During his teleconference with reporters Wednesday, NCAA committee on infractions spokesman Greg Sankey was asked whether the NCAA penalties against Oregon were "toothless." Without dispensing his seemingly self-conscious monotone that made the Q-and-A an unenlightening affair, Sankey replied, "I'm not going to go through a dental exam."
Apologies to dentists everywhere, but Sankey and his committee's penalties against Oregon for its use of Willie Lyles' scouting services are about as painful as a dental exam.
A loss of one scholarship from two recruiting classes, including last year's class, and a maximum of 84 total scholarship players -- one below the limit -- through the 2015-16 academic year. Three years of probation ending June 25, 2016. A number of recruiting restrictions, including a ban on subscriptions to recruiting services during the probation period, believed to be a first for NCAA sanctions.
Most notable: No postseason ban for a budding national title contender.
If anything, former coach Chip Kelly, now with the Philadelphia Eagles, was the fall guy for failing to properly monitor his football program, a charge to which he admitted. Except he fell onto a feather bed.
Kelly was given an 18-month show-cause ruling. That means if any college program wants to hire Kelly before Christmas of 2014, "it and the former head coach shall appear before the Committee on Infractions to consider which, if any, of the show-cause procedures of Bylaw 126.96.36.199 (l) should be imposed upon him."
So ... that's pretty meaningless. Kelly could return to college coaching in 2015.
Kelly released a statement, taking the high road:
“Now that the NCAA has concluded their investigation and penalized the University of Oregon and its football program, I want to apologize to the University of Oregon, all of its current and former players and their fans. I accept my share of responsibility for the actions that led to the penalties.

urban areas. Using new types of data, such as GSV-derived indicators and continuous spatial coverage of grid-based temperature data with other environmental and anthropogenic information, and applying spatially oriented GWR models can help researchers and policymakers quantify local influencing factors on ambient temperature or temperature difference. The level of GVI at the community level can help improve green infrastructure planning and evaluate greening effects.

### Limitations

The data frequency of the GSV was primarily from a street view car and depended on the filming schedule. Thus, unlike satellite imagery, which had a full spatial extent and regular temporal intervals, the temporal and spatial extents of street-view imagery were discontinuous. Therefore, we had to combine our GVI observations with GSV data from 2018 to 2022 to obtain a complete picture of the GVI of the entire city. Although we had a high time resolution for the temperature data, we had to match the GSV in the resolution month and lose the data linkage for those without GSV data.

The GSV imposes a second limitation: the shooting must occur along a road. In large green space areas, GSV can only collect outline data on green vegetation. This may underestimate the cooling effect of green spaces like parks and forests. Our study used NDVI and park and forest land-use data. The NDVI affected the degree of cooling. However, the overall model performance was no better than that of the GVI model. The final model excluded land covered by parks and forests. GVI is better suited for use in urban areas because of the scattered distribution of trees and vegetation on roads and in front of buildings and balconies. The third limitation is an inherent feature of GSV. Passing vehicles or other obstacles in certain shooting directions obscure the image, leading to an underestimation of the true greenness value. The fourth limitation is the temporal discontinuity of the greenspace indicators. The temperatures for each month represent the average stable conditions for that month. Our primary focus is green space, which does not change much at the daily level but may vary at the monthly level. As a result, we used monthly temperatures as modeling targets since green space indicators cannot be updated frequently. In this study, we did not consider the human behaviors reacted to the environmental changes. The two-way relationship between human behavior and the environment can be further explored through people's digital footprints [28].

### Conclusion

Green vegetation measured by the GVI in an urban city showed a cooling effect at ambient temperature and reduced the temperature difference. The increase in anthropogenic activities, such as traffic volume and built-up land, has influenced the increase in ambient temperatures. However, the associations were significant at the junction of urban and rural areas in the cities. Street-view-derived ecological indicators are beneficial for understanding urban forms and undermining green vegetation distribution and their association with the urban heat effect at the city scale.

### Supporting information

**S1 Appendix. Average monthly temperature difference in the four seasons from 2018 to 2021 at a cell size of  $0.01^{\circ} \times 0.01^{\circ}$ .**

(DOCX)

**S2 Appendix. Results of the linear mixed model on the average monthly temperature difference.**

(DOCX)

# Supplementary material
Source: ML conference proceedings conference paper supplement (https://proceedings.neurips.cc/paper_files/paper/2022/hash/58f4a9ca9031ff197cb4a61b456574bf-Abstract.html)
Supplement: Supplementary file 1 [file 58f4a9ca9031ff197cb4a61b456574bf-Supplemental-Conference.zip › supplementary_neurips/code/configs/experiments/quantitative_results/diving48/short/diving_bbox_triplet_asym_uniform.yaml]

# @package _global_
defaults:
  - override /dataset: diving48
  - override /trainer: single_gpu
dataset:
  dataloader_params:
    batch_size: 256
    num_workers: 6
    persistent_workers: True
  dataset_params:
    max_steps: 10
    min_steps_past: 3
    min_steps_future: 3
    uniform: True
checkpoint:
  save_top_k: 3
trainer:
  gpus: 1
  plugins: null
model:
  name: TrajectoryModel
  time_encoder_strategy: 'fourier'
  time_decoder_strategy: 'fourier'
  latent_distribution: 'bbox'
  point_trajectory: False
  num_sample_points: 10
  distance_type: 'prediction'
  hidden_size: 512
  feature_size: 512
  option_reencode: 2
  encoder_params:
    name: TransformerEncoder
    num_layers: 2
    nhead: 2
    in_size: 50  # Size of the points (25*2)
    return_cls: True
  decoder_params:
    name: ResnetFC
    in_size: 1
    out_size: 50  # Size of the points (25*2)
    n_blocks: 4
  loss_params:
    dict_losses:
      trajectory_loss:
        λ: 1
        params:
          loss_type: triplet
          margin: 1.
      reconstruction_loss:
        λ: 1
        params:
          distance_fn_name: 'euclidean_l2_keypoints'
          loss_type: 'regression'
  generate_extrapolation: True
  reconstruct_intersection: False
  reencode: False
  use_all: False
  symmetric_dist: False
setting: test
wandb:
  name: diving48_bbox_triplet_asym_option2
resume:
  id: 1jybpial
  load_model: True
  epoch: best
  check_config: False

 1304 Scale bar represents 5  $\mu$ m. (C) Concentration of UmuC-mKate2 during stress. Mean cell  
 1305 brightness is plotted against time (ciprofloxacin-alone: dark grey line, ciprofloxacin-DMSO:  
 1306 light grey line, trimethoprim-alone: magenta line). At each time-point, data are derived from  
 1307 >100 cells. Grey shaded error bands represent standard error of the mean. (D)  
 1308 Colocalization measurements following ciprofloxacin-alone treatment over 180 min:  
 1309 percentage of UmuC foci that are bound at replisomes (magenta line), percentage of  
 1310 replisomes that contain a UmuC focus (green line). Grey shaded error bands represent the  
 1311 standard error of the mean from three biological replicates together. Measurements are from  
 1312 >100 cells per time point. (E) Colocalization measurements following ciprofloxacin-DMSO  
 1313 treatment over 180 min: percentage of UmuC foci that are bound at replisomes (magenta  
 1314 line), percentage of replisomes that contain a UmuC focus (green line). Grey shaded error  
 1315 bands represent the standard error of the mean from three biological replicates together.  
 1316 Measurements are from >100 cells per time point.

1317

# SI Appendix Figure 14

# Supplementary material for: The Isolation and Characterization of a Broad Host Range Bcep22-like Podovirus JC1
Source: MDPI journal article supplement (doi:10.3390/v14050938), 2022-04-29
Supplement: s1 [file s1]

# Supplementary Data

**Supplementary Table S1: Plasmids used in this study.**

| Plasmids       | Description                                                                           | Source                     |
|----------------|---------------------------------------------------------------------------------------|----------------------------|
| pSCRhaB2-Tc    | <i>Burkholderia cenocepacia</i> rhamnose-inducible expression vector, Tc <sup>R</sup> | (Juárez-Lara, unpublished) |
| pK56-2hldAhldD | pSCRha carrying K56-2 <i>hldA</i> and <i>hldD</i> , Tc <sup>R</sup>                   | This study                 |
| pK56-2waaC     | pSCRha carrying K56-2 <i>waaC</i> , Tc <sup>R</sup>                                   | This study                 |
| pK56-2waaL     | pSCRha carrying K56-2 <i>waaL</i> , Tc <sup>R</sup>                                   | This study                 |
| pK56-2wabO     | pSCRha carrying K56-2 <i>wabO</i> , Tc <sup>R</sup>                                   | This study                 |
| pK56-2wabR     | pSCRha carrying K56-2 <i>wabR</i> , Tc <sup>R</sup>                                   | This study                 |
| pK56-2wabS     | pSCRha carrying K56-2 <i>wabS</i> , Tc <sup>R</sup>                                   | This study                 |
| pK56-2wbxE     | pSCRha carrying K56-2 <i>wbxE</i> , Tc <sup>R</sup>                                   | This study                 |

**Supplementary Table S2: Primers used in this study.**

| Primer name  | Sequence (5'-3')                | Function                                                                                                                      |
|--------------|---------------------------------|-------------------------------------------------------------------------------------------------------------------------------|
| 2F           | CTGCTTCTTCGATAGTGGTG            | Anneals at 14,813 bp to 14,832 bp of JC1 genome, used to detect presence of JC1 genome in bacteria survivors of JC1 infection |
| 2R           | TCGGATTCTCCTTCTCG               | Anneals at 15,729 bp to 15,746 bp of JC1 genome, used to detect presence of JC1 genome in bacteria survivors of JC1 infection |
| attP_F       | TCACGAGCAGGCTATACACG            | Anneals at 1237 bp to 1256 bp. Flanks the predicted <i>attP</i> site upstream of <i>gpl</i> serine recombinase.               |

“As I have I stated before, the NCAA investigation and subsequent ruling had no impact on my decision to leave Oregon for Philadelphia. I have also maintained throughout that I had every intention to cooperate with the NCAA’s investigation, which I did."
A few hours after the NCAA provided its ruling, Oregon sent out a gleeful news release: "NCAA FINDINGS CONSISTENT WITH OREGON’S RECOMMENDATIONS."
And there was some understandable gloating from the Ducks' athletic department.
“Throughout this process, there has been speculation and innuendo regarding the nature and severity of potential violations, much of which was unfounded," athletic director Rob Mullens said in the statement. "As stated by the NCAA Enforcement Staff, the violations committed in this case were unintentional. The University of Oregon remains committed to fair play, integrity and the best interests of our student-athletes. We have all learned from this experience and look forward to continuing the progress of broad-based excellence in Oregon athletics.”
What does this mean for Oregon's football program?